31) Meredith G. Kline, Covenant Theology Under Attack New Horizons, Feb. 1994. Published without abridgement at p. 2.
32) See Shepherd, 59-61.
33) Venema, 195. Author's italics.
34) Kline, 3-4.
35) Venema sagely points out that Murray's concern for biblical terminology does not keep him from coining his own non-biblical term, the Adamic Administration. He considers Murray's language decidedly inferior, writing, "This terminology is not only alien to the biblical descriptions of the pre-fall state but also to the biblical descriptions of God's communion with man in general." Venema, 193.
36) Except as the covenant of works is re-published in the Mosaic covenant, which itself is an administration of the covenant of grace.
37) Murray, 2:47.
38) Douglas Wilson, Reformed Is Not Enough, 183.
39) Ibid., 187.
40) Charles Hodge, A Commentary on Ephesians (Edinburgh: Banner of Truth, 1964), 114.
41) For a fuller treatment of this subject, see my "Jesus and the Little Children" in Richard D. Phillips, Encounters with Jesus: When Ordinary People Met the Savior (Phillipsburg, NJ: P&R, 2002).
42) G. Campbell Morgan, The Westminster Pulpit, 10 vols. (Grand Rapids: Baker, 1995), 2:120-121.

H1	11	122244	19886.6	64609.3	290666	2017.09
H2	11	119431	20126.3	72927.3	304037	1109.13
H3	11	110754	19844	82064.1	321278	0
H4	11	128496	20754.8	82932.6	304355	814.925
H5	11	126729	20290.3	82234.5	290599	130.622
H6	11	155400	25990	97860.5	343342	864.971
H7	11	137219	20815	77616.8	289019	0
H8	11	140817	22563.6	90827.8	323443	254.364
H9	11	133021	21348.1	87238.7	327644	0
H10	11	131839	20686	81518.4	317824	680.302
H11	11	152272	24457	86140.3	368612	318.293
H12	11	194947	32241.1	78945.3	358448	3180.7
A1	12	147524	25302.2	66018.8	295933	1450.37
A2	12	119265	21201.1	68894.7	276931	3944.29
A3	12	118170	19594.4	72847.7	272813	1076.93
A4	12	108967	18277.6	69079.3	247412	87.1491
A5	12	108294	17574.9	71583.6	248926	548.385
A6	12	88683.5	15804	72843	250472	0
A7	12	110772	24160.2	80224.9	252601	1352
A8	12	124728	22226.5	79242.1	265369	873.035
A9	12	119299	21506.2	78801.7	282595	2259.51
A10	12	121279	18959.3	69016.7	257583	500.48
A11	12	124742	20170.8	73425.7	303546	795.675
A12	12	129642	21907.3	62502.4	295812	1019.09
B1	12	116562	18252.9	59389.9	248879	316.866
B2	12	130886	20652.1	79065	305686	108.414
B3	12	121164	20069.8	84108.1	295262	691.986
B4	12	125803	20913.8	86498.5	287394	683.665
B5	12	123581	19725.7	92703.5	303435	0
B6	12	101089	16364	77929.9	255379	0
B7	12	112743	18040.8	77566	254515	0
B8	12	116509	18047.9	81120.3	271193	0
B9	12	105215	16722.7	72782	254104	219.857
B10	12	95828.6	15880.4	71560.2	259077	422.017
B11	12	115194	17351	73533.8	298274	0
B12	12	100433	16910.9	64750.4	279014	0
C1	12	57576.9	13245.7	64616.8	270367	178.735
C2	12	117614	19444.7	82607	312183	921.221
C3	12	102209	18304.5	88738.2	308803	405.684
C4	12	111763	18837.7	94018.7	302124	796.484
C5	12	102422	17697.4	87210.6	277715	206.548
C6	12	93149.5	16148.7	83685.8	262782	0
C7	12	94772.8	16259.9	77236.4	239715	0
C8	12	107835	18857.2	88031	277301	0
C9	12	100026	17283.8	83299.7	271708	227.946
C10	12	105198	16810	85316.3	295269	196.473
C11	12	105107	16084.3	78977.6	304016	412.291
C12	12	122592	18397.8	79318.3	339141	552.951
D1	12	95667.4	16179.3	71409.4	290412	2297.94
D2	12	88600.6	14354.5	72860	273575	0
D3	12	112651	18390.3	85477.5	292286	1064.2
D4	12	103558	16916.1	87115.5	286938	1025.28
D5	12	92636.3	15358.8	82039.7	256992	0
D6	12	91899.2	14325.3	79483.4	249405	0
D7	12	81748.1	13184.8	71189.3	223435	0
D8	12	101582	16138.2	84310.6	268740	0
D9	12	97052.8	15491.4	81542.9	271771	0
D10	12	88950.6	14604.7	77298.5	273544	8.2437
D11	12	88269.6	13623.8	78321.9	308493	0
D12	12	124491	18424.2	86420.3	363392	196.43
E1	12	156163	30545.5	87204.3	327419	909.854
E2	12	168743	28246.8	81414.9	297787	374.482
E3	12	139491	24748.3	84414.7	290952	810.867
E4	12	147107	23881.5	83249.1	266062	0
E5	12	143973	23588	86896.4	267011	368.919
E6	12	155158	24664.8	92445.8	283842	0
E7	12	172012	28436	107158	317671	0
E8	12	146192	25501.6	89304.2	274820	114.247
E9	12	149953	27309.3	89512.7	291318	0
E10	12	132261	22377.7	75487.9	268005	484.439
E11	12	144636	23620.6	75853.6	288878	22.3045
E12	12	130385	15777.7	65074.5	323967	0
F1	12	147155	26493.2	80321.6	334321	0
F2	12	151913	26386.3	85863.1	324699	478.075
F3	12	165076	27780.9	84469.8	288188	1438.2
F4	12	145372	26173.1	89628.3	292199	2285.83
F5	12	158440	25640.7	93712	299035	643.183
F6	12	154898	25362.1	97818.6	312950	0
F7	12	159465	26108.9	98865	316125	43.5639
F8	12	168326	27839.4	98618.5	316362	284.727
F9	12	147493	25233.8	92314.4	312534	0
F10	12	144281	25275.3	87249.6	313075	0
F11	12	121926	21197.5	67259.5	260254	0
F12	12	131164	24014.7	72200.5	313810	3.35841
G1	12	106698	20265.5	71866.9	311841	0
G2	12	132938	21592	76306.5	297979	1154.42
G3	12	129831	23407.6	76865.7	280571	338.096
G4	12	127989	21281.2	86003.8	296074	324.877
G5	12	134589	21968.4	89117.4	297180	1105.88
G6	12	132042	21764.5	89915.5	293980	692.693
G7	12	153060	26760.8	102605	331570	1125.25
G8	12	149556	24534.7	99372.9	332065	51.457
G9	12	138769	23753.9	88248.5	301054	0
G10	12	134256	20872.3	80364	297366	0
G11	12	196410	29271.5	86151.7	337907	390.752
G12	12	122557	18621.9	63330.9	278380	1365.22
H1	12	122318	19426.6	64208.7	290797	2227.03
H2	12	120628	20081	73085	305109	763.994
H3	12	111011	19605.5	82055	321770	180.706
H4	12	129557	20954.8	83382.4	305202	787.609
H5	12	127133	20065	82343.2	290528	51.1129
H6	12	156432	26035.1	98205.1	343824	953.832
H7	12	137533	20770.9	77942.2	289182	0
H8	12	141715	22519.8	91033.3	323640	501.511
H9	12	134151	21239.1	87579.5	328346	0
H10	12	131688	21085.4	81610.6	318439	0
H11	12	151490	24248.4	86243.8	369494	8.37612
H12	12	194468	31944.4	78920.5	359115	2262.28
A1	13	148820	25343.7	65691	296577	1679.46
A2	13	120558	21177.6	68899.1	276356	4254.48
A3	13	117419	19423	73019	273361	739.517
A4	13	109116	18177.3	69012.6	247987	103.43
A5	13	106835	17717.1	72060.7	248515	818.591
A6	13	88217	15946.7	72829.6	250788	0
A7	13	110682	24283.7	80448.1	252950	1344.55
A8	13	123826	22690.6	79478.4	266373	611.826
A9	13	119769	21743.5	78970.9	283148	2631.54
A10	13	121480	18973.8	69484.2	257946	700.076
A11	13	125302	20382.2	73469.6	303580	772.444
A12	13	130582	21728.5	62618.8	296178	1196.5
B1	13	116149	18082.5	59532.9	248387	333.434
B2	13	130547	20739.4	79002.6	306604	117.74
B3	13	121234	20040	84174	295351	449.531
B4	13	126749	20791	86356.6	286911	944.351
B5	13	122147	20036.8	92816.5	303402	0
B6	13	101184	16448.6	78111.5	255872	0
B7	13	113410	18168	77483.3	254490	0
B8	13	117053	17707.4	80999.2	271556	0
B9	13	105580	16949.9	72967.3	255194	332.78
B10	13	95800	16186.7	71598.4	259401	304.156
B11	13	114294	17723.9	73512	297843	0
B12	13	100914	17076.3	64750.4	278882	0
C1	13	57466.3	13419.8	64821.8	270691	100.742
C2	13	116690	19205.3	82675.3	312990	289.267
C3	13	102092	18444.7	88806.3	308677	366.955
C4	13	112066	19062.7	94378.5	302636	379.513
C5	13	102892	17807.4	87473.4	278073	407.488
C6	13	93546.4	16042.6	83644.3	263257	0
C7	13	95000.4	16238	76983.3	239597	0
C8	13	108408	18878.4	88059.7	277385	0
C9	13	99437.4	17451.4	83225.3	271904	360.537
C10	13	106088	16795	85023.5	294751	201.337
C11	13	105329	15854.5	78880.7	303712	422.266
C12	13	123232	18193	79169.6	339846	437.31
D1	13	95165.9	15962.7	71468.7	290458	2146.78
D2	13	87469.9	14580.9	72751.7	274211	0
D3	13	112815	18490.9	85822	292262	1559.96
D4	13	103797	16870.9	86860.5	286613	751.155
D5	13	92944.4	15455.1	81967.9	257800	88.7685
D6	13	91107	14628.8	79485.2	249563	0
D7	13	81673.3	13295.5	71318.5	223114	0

43) Norman Shepherd, "Thirty-four Theses on Justification in Relation to Faith, Repentance, and Good Works," presented to the Philadelphia Presbytery of the Orthodox Presbyterian Church, Nov. 18, 1978. Thesis 11.
44) Ibid., Thesis, 20.
45) Ibid., Thesis 19. Here is where Shepherd's thought on justification and that of N.T. Wright intersect so clearly. See earlier discussion of Wright's view of justification.
46) Kline, 4
47) Smith, Eternal Covenant, 70.
48) Venema, 187.
49) William Premble, The Justification of a Sinner: A Treatise on Justification by Faith Alone, Reprint of 1635 edition (Morgan, PA: Soli Deo Gloria, 2002), 200-203.
50) Stefan T. Lindblad, "Justifying Faith and the Application of Salvation" The Banner of Truth, issue 479-80, Aug-Sept. 2003, 20.
51) For scholarly refutations of the New Perspective on Paul's understanding of "works of the law" in Galatians and Romans, see A. Andrew Das, Paul, the Law, and the Covenant (Peabody, Mass.: Hendrickson, 2001); Simon J. Gathercole, Where Is Boasting? Early Jewish Soteriology and Paul's Response in Romans 1-5 (Grand Rapids: Eerdmans, 2002), 91-111; Colin G. Kruse, Paul, the Law, and Justification (Peabody, Mass: Hendrickson, 1996); and Mark A. Seifrid, Christ, Our Righteousness: Paul's Theology of Justification (Downers Grove, Ill.: InterVarsity, 2000).